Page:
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Summary

Three pictorial scenes represented on the walls of the newly discovered Mithraeum in Hawarte (Syria) are deeply rooted in the Middle-Iranian religious world. The pictures of the ‘City of Darkness’, and of ‘The Twin Riders’, as well as that of ‘The Lion and the Demons’, can only be explained by their evident Iranic background. Some of these iconographies are not limited to the Syrian area but are spread all around the Roman world, until London and Vienne-sur-Rhône. Moreover, a possible connection with a heterodox doctrine concerning the post-mortem vehiculated by the Pseudo-Macarius is proposed in this contribution.

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The subject of my paper concerns the iconography of the mysterious relief at Modena (Galleria Museo e Medagliere Estense, inv. 2676) showing a young god in a cosmic egg. The paper is to review the state of research in modern scholarship since 1863, to discuss various attempts at its interpretation, and to propose my own working hypothesis, which links the Modena relief to the Orphic Rhapsodies and the Middle-Platonic passage transmitted by Porphyry of Tyre in his The Cave of the Nymphs 21–29.

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The residential network of bishops of Olomouc (Kroměříž, Olomouc, Brno, Vyškov, Mírov, Hukvaldy), in the form carried out by Charles of Liechtenstein-Castelkorn (1664–1695) after extensive reconstructions, represented the main constituent of the building contractor's self-representation of power. It was based upon three components: 1) antiquity of the bishopric founded by St Cyril and Method; 2) the bishops' appartenance to the princes of the Empire and their privileged political position in the country; 3) economical and military power of the bishopric. Bishop Charles accentuated in the iconography of his residences the cumulation of secular and clerical power of ecclesiastical aristocracy.

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A progress report on a research dealing with the attribution and localisation of a curious painting. The iconography, the motifs and the composition show many links with the pictorial tradition of the subject-matter in the Netherlandish art of the 15th-16th centuries. But the support is not the usual oak panel used there and the style is not to be linked with any known hand. The painting might have been painted by an emigrant or wandering Flemish painter either in France or in Spain, but it can not be localised exactly. It is an remarkable example of the radiation of Flemish painting and style in the mid-16th century.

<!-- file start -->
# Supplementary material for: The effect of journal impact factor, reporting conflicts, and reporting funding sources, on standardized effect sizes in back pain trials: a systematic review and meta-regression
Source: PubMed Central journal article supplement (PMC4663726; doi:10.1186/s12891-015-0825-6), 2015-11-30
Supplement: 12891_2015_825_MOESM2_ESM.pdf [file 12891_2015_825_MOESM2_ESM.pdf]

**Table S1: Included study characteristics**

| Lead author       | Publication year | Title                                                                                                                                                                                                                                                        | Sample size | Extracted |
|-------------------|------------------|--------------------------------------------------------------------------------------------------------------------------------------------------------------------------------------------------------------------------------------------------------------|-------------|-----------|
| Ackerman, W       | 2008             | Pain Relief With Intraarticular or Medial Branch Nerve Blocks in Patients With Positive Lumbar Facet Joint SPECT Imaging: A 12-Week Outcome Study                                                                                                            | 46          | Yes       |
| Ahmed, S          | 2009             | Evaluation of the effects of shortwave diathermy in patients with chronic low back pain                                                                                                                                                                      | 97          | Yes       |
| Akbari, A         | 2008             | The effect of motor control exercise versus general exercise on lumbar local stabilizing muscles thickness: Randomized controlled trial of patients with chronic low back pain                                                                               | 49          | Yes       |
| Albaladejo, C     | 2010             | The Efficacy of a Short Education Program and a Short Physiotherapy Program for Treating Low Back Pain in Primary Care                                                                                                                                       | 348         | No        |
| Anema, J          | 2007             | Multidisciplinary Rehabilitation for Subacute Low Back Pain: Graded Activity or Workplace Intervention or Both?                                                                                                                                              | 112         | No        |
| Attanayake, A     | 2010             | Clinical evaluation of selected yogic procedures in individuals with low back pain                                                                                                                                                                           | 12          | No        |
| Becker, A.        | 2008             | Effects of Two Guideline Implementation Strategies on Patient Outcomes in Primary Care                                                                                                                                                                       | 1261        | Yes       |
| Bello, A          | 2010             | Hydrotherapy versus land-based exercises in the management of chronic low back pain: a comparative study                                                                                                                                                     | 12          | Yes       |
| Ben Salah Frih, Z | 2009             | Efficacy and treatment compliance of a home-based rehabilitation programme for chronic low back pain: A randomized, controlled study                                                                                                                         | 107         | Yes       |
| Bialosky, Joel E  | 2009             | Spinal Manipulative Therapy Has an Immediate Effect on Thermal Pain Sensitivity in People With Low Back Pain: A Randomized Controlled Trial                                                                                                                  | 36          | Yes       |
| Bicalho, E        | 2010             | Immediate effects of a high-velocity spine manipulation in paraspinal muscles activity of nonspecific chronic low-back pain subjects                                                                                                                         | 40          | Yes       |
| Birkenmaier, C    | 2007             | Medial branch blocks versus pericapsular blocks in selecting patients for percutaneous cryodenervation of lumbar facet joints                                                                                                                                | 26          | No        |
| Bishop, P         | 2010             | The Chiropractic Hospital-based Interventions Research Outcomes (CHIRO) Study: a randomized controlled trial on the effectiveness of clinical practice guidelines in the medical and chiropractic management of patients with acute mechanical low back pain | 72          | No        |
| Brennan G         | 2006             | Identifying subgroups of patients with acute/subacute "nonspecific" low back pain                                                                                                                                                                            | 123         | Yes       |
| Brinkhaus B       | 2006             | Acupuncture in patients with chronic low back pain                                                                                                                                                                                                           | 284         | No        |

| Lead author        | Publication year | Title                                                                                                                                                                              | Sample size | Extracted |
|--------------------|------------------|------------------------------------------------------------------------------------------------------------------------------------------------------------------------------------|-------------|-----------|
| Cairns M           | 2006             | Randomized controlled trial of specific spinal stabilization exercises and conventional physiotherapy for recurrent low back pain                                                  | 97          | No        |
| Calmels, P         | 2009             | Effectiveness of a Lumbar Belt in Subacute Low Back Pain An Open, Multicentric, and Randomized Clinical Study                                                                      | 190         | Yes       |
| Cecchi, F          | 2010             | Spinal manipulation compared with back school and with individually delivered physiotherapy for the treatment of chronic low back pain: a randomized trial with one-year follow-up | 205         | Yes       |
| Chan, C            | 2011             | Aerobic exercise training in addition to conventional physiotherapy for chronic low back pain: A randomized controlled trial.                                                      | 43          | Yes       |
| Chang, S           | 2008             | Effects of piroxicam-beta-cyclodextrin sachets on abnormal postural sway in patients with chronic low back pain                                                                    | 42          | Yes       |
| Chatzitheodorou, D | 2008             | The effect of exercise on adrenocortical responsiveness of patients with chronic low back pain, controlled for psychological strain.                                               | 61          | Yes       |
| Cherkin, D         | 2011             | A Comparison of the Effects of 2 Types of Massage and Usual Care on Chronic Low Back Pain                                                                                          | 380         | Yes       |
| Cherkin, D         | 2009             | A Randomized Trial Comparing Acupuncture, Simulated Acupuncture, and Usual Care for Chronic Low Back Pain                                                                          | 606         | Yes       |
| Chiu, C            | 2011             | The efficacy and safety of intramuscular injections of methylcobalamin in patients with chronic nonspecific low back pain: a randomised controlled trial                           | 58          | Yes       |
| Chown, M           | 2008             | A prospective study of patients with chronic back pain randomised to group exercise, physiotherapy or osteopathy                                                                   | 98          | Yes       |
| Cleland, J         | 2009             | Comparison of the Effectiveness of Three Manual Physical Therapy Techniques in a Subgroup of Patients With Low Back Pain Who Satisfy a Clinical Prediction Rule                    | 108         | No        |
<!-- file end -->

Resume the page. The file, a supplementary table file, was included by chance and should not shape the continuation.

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The myth of Orpheus experienced a great popularity in ancient world, covering the path from a mythical legend to a complex and sophisticated mystic cult. There were many various features of Orpheus that characterized the Thracian singer, being the result of his different adventures: from the quest of the Argonauts and the pathetic story of love of Eurydice, to his journey to the underworld.

The myth of Orpheus was highly represented in iconography. The most frequent representations are those showing Orpheus as a singer surrounded by the beasts and, in smaller amount, in the scene representing the story of descent to the underworld in search of Eurydice. Numerous images connected with the legend of Orpheus, dating from the Classical times to Christian era, are the proof of a wide influence of the mystery cult of Orpheus on ancient and late antique culture.

This paper aims to present an overview of ancient coinage iconography representing Orpheus. Various motives considering the story of Orpheus appear on one of the most powerful means of propaganda – the coins, particularly from the Roman provinces, that were easily able to reach a wide audience. In the limited space of coins, the engravers could highlight effectively the most important and popular events from the story of Orpheus.